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Impact of Universal Gowning and Gloving on Health Care Worker Clothing Contamination

Published online by Cambridge University Press:  02 January 2015

Calvin Williams
Department of Medicine, Christiana Care Health System, Newark, Delaware
Patty McGraw
Department of Medicine, Christiana Care Health System, Newark, Delaware
Elyse E. Schneck
Department of Laboratory Medicine, Christiana Care Health System, Newark, Delaware
Anna LaFae
Department of Medicine, Emory University School of Medicine, Atlanta, Georgia
Jesse T. Jacob
Department of Medicine, Emory University School of Medicine, Atlanta, Georgia
Daniela Moreno
Department of Medicine, Henry Ford Hospital, Detroit, Michigan
Katherine Reyes
Department of Medicine, Henry Ford Hospital, Detroit, Michigan
G. Fernando Cubillos
Department of Medicine, University of Miami Miller School of Medicine, Miami, Florida
Daniel H. Kett
Department of Medicine, University of Miami Miller School of Medicine, Miami, Florida
Ronald Estrella
Department of Medicine, University Health System, San Antonio, Texas
Daniel J. Morgan
Department of Epidemiology & Public Health, University of Maryland School of Medicine, Baltimore, Maryland Baltimore VA Medical Center, Baltimore, Maryland
Anthony D. Harris
Department of Epidemiology & Public Health, University of Maryland School of Medicine, Baltimore, Maryland
Marci Drees*
Department of Medicine, Christiana Care Health System, Newark, Delaware Value Institute, Christiana Care Health System, Newark, Delaware Sidney Kimmel Medical College, Thomas Jefferson University, Philadelphia, Pennsylvania
Address correspondence to Marci Drees, MD, MS, Christiana Care Health System, Department of Medicine, Ammon Suite 2E70, 4755 Ogletown-Stanton Road, Newark DE 19718 (



To determine whether gowning and gloving for all patient care reduces contamination of healthcare worker (HCW) clothing, compared to usual practice.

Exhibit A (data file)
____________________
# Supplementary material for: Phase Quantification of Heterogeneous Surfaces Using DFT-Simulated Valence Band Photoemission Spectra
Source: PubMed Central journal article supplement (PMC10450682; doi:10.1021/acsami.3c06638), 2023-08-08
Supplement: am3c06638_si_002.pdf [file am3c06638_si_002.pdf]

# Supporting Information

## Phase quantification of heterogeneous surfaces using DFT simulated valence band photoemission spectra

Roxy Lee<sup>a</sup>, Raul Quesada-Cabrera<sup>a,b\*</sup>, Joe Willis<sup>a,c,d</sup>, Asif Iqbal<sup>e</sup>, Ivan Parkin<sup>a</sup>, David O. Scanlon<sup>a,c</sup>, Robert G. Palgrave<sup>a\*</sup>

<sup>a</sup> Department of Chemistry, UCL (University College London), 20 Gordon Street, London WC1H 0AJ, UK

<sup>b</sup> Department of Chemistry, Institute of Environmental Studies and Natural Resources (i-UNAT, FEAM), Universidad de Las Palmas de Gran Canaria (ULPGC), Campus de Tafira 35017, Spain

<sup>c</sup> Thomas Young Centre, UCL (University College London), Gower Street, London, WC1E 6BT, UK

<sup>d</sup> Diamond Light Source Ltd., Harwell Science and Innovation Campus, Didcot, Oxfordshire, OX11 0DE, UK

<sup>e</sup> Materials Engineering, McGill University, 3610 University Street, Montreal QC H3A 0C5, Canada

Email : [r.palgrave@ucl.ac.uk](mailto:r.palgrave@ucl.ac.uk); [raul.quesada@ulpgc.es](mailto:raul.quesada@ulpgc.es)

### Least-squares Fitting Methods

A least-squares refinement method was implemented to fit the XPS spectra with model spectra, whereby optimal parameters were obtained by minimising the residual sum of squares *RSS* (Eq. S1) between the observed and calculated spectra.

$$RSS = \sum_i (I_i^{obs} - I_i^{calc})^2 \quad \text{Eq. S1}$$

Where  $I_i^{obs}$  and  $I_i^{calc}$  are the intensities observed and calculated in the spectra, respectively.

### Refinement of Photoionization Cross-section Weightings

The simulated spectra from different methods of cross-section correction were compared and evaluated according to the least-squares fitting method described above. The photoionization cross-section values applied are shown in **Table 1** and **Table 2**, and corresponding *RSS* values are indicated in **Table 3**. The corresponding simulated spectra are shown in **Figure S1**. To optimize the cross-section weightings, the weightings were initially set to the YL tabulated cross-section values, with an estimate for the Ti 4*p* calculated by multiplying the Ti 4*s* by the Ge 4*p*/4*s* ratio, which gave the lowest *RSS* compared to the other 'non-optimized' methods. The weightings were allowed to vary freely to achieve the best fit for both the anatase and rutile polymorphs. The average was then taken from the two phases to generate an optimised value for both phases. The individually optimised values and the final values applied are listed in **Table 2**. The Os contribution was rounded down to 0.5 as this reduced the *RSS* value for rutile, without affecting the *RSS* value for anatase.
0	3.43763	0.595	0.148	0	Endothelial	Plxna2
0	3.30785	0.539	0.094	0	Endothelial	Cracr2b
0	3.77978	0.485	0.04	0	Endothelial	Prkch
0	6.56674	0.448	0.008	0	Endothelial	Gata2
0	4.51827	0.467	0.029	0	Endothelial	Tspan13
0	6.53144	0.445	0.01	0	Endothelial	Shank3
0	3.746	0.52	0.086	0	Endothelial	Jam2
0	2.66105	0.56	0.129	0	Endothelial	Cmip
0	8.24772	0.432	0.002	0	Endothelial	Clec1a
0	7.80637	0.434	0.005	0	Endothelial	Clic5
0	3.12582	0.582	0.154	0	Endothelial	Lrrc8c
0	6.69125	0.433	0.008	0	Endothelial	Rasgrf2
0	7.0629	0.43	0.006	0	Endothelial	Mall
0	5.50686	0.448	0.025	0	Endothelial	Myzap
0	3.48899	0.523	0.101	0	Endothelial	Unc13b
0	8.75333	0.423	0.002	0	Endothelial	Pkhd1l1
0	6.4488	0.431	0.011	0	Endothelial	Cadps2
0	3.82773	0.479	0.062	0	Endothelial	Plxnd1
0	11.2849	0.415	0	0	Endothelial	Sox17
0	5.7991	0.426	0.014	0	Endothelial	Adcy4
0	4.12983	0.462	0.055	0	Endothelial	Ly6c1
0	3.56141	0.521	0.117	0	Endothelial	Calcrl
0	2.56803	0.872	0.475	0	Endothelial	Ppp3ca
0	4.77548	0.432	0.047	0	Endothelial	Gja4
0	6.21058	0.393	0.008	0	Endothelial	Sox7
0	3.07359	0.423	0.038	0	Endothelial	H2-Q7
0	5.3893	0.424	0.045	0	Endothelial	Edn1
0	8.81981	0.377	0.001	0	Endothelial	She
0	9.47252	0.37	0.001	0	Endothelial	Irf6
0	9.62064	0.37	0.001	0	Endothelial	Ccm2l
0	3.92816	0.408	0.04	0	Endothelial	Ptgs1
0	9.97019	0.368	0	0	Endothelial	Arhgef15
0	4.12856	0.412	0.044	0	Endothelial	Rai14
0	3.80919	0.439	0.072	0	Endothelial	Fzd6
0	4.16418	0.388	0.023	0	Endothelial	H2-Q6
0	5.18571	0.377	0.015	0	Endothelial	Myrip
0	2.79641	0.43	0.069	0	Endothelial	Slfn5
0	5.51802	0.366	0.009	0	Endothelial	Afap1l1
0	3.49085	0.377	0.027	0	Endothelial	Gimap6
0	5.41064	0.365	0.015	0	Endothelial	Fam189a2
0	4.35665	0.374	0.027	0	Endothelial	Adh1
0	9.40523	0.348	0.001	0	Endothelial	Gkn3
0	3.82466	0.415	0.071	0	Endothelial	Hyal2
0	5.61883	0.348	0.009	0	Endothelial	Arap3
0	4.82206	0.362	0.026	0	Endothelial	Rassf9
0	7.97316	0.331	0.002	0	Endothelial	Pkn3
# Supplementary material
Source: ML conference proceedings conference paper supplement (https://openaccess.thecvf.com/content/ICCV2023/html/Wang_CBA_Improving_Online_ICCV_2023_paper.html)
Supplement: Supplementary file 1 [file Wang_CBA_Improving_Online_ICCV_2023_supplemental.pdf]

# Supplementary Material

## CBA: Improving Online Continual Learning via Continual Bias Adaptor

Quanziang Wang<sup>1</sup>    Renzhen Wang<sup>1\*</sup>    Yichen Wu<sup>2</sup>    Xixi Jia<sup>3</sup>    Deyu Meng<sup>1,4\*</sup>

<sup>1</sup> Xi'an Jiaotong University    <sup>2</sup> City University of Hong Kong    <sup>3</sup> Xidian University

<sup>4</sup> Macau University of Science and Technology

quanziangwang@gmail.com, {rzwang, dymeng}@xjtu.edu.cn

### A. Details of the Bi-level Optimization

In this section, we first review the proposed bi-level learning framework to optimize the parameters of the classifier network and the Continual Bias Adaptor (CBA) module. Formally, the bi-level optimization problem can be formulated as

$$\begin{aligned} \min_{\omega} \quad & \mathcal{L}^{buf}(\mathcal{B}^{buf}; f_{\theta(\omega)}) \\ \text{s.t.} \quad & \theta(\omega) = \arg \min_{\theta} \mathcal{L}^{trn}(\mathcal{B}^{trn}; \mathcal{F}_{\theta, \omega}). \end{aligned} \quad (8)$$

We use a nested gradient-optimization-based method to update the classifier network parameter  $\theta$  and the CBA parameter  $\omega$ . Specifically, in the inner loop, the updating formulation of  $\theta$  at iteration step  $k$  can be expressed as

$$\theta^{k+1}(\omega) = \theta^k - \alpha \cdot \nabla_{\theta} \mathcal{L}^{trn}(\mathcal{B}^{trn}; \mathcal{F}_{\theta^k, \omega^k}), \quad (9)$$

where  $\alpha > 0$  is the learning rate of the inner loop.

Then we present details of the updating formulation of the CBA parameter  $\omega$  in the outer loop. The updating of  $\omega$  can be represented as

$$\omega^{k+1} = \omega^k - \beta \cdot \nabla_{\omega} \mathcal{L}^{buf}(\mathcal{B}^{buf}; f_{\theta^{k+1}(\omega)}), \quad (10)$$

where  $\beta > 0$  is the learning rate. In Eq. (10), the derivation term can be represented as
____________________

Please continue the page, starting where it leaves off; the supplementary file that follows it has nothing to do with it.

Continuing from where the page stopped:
Cross-sectional surveys.


Five study sites were recruited from intensive care units (ICUs) randomized to the intervention arm of the Benefits of Universal Gown and Glove (BUGG) study.


All HCWs performing direct patient care in the study ICUs were eligible to participate.


Surveys were performed first during the BUGG intervention study period (July–September 2012) with universal gowning/gloving and again after BUGG study conclusion (October–December 2012), with resumption of usual care. During each phase, HCW clothing was sampled at the beginning and near the end of each shift. Cultures were performed using broth enrichment followed by selective media. Acquisition was defined as having a negative clothing culture for samples taken at the beginning of a shift and positive clothing culture at for samples taken at the end of the shift.


A total of 348 HCWs participated (21–92 per site), including 179 (51%) during the universal gowning/gloving phase. Overall, 51 (15%) HCWs acquired commonly pathogenic bacteria on their clothing: 13 (7.1%) HCWs acquired bacteria during universal gowning/gloving, and 38 (23%) HCWs acquired bacteria during usual care (odds ratio [OR], 0.3; 95% confidence interval [CI], 0.2–0.6). Pathogens identified included S. aureus (25 species, including 7 methicillin-resistant S. aureus [MRSA]), Enterococcus spp. (25, including 1 vancomycin-resistant Enterococcus [VRE]), Pseudomonas spp. (4), Acinetobacter spp. (4), and Klebsiella (2).


Nearly 25% of HCWs practicing usual care (gowning and gloving only for patients with known resistant bacteria) contaminate their clothing during their shift. This contamination was reduced by 70% by gowning and gloving for all patient interactions.

Infect Control Hosp Epidemiol 2014;00(0): 1–7

Original Articles
© 2014 by The Society for Healthcare Epidemiology of America. All rights reserved 

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The results discussed in this manuscript were presented in part at the ID Week conference, San Diego, CA, October 5, 2013.



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